Scoop Election 08: edited by Gordon Campbell

On Cunliffe’s likely role, and France as the next Eurozone crisis country

December 19th, 2011

Later this afternoon, we’ll find out just how the new Labour leader David Shearer has managed the difficult task of rewarding his faction while bringing some of his opponents back into the tent. Since David Parker is almost certain to get the new shadow Finance portfolio opposite Finance Minister Bill English, Shearer’s immediate task is how to include defeated leadership contender David Cunliffe, and to mollify him for the added humiliation of losing his shadow Finance role.

Just guessing… but one solution would be to pit Cunliffe against Steven Joyce in a shadow Commerce/Economic Development role. Clearly, Cunliffe’s talents cannot be wasted entirely. Nor can he be given a reason to sit out the next term brooding in his tent like Achilles, until such time (post-Shearer) as the caucus comes around to apologise.

Using Cunliffe to mark Joyce would also be a highly ironic outcome, given that Joyce is the 800 pound gorilla on National’s front bench. So the reward for Cunliffe will be to do most of the heavy lifting for his caucus opponents during the next term, while Parker gets the far easier job of marking Bill English. I’m guessing that this will be how Shearer will use Cunliffe – I have no inside knowledge – but it would be a gesture of caucus unity that might appeal to Cunliffe’s vanity. They don’t want me, but they need me etc etc…

Meanwhile the Cunliffe foot soldiers most likely to feel the lash from being on the losing team will be Charles Chauvel and Lianne Dalziel. Incredibly, Chauvel has reportedly got offside with some Wellington-based Labour MPs by his consistent support for Cunliffe, despite the (irrelevant) fact that a few troops close to Grant Robertson and Annette King were deployed to help his battle against Peter Dunne in Ohariu. Such are the irrational resentments of Labour’s internal clan politics.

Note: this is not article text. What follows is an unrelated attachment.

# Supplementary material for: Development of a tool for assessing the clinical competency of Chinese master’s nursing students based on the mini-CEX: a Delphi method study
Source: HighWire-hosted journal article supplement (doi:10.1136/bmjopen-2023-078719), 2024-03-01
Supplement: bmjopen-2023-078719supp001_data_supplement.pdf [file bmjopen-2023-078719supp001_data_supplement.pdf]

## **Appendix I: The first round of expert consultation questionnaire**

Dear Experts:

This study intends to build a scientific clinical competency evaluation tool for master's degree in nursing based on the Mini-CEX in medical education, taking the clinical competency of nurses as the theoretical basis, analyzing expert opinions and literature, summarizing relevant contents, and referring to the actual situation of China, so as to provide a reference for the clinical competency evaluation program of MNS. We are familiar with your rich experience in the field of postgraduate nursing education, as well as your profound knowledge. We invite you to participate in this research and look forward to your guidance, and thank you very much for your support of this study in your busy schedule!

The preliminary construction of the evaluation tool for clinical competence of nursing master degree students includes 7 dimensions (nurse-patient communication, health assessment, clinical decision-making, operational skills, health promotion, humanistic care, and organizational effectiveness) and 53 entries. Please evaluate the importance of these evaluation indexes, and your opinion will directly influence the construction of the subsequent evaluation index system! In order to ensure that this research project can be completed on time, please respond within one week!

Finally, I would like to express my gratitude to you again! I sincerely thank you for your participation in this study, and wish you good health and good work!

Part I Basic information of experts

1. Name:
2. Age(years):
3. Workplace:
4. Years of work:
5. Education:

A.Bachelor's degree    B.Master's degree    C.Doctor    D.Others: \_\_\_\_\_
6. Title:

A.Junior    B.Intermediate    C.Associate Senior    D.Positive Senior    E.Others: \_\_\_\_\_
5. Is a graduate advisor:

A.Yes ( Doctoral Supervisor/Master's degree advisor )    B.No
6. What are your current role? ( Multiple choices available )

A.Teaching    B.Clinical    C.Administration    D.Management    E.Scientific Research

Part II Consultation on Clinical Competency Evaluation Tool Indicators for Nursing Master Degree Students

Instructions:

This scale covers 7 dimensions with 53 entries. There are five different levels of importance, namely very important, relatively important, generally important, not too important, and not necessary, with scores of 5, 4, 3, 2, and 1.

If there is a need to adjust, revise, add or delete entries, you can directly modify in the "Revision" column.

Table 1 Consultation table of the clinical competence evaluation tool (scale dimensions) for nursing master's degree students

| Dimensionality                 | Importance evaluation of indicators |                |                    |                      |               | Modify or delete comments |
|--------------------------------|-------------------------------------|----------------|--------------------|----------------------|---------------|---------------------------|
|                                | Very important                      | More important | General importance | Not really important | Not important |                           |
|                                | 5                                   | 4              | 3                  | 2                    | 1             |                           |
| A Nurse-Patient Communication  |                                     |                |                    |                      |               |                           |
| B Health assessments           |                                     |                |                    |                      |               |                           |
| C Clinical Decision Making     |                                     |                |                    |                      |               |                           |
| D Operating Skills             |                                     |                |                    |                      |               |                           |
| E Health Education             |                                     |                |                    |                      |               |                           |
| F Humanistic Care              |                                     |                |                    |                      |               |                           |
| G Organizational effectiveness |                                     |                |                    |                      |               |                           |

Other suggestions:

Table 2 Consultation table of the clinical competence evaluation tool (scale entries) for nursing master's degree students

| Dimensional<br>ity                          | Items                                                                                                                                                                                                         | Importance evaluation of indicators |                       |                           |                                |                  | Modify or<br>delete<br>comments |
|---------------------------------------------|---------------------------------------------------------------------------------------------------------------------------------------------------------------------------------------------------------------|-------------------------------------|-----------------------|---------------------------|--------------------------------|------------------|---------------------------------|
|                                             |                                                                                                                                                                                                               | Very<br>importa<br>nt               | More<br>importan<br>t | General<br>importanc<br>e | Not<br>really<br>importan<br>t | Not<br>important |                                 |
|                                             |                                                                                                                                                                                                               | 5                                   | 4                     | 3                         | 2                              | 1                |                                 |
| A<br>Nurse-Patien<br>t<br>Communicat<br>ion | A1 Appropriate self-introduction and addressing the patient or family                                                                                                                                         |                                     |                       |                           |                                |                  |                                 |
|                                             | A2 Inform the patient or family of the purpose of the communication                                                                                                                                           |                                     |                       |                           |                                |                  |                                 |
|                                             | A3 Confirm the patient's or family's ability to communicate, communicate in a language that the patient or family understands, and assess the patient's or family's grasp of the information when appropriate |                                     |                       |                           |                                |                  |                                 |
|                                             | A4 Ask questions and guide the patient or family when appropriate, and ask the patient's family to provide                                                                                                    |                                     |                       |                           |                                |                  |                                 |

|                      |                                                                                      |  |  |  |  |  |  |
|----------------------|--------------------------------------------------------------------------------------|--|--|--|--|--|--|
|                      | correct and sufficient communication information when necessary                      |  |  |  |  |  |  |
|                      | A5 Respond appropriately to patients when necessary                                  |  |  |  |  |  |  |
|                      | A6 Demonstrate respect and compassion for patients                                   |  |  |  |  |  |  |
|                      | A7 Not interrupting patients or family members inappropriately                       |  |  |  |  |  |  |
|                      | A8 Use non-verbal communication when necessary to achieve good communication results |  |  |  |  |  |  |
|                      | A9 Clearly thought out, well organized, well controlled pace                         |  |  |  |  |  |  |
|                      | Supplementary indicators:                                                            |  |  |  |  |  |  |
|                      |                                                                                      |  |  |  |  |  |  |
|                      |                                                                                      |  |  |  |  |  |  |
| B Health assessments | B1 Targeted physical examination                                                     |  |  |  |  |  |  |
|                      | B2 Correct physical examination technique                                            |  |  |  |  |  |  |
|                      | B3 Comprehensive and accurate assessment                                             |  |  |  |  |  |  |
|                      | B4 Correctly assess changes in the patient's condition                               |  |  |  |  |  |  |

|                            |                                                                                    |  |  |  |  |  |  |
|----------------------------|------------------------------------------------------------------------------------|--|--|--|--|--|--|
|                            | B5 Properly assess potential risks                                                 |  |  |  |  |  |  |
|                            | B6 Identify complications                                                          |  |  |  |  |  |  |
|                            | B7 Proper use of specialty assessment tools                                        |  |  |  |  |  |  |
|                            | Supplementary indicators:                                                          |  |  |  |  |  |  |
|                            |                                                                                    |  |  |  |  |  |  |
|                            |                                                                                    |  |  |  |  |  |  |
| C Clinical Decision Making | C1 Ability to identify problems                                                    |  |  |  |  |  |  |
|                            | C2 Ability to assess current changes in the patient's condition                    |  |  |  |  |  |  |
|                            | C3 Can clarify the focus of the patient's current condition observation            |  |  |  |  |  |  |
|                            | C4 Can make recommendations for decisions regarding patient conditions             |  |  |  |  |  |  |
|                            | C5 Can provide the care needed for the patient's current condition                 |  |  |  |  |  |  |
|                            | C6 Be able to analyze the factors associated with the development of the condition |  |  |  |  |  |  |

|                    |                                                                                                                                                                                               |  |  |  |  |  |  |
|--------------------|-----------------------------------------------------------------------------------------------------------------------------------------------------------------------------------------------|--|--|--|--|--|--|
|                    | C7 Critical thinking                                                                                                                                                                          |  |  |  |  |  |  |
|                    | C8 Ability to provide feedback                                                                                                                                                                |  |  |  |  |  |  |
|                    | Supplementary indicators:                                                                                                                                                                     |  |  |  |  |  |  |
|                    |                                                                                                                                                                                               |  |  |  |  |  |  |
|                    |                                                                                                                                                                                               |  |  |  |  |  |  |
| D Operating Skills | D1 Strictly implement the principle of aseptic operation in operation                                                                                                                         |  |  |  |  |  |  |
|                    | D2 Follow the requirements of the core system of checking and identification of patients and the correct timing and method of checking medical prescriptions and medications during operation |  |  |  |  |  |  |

Need it be pointed out that if talent is meant to be the guiding principle, that Chauvel – now likely to be demoted – is patently more talented than Nanaia Mahuta, who is bound to be promoted because, because… she supported Cunliffe, but can’t be punished because Labour needs to maintain its momentum within Maoridom. Sigh.
And now, France. Hate to sound apocalyptic but… “Le ciel nous tombe sur la tête!” In the next few days, the expected credit downgrade of France by the Standard and Poors credit rating agency has the potential to spoil everyone’s Christmas.

The least of these worries is that the S&P credit downgrade will reportedly cost French taxpayers an extra $4 billion a year over the next ten years. Tough on them, given that – as the French have been trying to argue – Britain’s debt position is even worse, so why isn’t S&P coming down harder on the Brits? Good question. That aside, this likely credit downgrade will erode France’s ability to contribute significantly to the save-the-euro plan recently thrashed out in Brussels, thereby making that rescue plan look even less credible than before.

That’s important because… only by having Germany and France pumping in truckloads of dollars to the European Financial Stability Facility does the Brussels plan have any chance of saving Greece, Portugal etc etc from default and eventual departure from the euro – which in turn, would result in the disintegration of the entire European Union project.

Hitherto, budget balancing measures have been the focus of the Eurozone response. Yet budget balancing measures alone were never going to be enough, as former British Prime Minister Gordon Brown told the American journalist Charlie Rose a couple of weeks ago. Policies to promote economic growth, Brown stressed, were also essential: